• Matt Hillsinger, 22nd round, 2012 (Oakland) – Hillsinger had a brief minor league career, hitting .227 across nine games with the Arizona Athletics of the Rookie League in his only minor league action.
  • Jeff Kemp, 31st round, 2012 (Los Angeles (AL)) – Kemp returned to school, rather than signing with the Angles. He was taken again in the following year’s draft (see 2013.
  • Alex Gregory, 17th round, 2009 (New York (NL)) – Gregory spent parts of two seasons in the Mets organization, splitting time between Brooklyn (A-Short Season) and Savannah (Single-A). The infielder/outfielder hit .256 across those two seasons, with a career-best 21 RBI in 2010 with Savannah.
  • Eric Evans, 23rd round, 2008 (Texas) – Evans had a brief stint in the Rangers organization, posting his best stats with Spokane (A-Short Season) of the Northwest League, as he had a 2.25 ERA in limited action with the club. Evans also spent time in the independent leagues with Washington of the Frontier League.
  • Mark Fleisher, 14th round, 2005 (Baltimore) – Fleisher spent parts of four seasons in the minor leagues, spending three with Baltimore and one with the Chicago White Sox organization. Fleisher had double-digit home runs in each of his three full minor league seasons, including a career-best 16 on two occasions (2006,2007). His highest batting average was .300, accomplished in 2008 with Kannapolis (Single-A) of the South Atlantic League.
  • Jason Anderson, fourth round, 1997, (Oakland) – Anderson was a fourth-round pick in 1997 and spent six seasons in the Athletics organization, pitching as both a starter and a reliever. Anderson;s best seasons came in1998 with Modesto and 1999 of Visalia, both in the California League. He reached Double-A in 1999 with Midland of the Texas League, spending two seasons there.
  • Kelly Dampeer, 22nd round, 1997 (Cleveland) – One of the top hitters in program history, Dampeer spent three seasons in the Indians organization, hitting .263 across three different levels of baseball. Dampeer’s best season came in 1998 with Watertown (A-Short Season) of the New York-Penn League, where he hit .277 with 11 doubles and 11 stolen bases.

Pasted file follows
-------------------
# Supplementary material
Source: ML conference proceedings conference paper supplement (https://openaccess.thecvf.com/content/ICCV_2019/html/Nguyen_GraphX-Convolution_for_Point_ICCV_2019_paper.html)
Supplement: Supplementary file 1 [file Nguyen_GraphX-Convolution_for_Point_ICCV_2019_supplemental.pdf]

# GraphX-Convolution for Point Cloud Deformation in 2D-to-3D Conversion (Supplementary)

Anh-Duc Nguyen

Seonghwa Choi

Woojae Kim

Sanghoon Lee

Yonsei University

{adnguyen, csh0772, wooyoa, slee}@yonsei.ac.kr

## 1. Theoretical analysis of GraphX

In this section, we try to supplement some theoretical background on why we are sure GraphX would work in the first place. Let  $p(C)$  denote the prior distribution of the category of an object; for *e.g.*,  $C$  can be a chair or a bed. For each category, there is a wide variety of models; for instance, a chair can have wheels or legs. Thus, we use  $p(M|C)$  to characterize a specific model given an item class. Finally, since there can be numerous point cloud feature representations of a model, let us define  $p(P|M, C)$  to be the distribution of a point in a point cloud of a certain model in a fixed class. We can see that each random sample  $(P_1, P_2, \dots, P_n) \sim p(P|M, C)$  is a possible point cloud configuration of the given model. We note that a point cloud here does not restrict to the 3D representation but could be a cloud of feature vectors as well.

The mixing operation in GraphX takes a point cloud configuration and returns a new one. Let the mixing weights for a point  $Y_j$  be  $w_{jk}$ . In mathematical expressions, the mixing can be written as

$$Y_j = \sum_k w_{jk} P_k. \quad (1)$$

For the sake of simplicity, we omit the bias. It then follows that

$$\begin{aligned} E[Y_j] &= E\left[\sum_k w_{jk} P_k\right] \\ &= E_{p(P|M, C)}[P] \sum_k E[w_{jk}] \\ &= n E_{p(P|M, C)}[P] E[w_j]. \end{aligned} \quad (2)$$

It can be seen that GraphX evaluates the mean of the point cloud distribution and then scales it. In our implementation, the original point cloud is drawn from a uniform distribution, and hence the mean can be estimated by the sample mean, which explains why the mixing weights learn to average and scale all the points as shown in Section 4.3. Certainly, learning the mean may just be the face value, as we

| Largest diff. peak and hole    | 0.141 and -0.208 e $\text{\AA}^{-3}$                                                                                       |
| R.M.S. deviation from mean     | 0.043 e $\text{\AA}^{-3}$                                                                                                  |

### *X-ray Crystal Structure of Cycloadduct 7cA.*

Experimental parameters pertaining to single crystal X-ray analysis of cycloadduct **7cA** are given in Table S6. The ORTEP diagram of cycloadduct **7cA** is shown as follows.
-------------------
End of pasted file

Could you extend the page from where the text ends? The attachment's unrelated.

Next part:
• Tim Manwiller, 30th round, 1997 (Oakland) – Manwiller quickly rose through the ranks in the Athletics organization, reaching Triple-A in just his second season. Manwhiller spent parts of three seasons in Triple-A in the Pacific Coast League and finished his minor league career with a 3.91 ERA, primarily as a starting pitcher.
  • Duane Filchner, 23rd round, 1995 (Oakland) – A member of the Radford Athletics Hall of Fame, Filchner spent parts of four seasons in the Athletics organization. The outfielder slugged a career-high 11 homers in 1997 while playing with Visalia (A-Advanced) of the California League.
  • Denny Van Pelt, 25th round, 1994 (California) – A member of the Radford Athletics Hall of Fame, Van Pelt was one of the best power hitters in Highlander history. Van Pelt spent one season in the Angels organization, hitting .285 in 56 games with Boise (A-Short Season) of the Northwest League.
  • Chris Connolly, 15th round, 1991 (Kansas City) – Connolly was the first southpaw in Radford history to be taken and spent five seasons in the Royals organization. The lefty had a career-best 1.71 ERA during the 1994 season with Wilmington (A-Advanced) of the Carolina League.
  • Phil Leftwich, second round, 1990 (California) – Leftwich had the distinction of not only being the first Highlander taken in the MLB Draft, but also was the first former Radford player to reach the major leagues. Leftwich spent parts of three seasons as a starting pitcher for the California Angels, winning nine games and posting a 4.99 ERA. Leftwich had an ERA of 3.79 in 12 starts during his rookie season. The right-handed pitcher also spent time in the Japanese Baseball League, pitching two seasons for Kintetsu (1998-99).
  • Phillip Haney, 47th round, 1990 (San Diego) - Haney was the first Radford position player to be taken in the MLB Draft, but decided to return to school instead of signing with the San Diego Padres.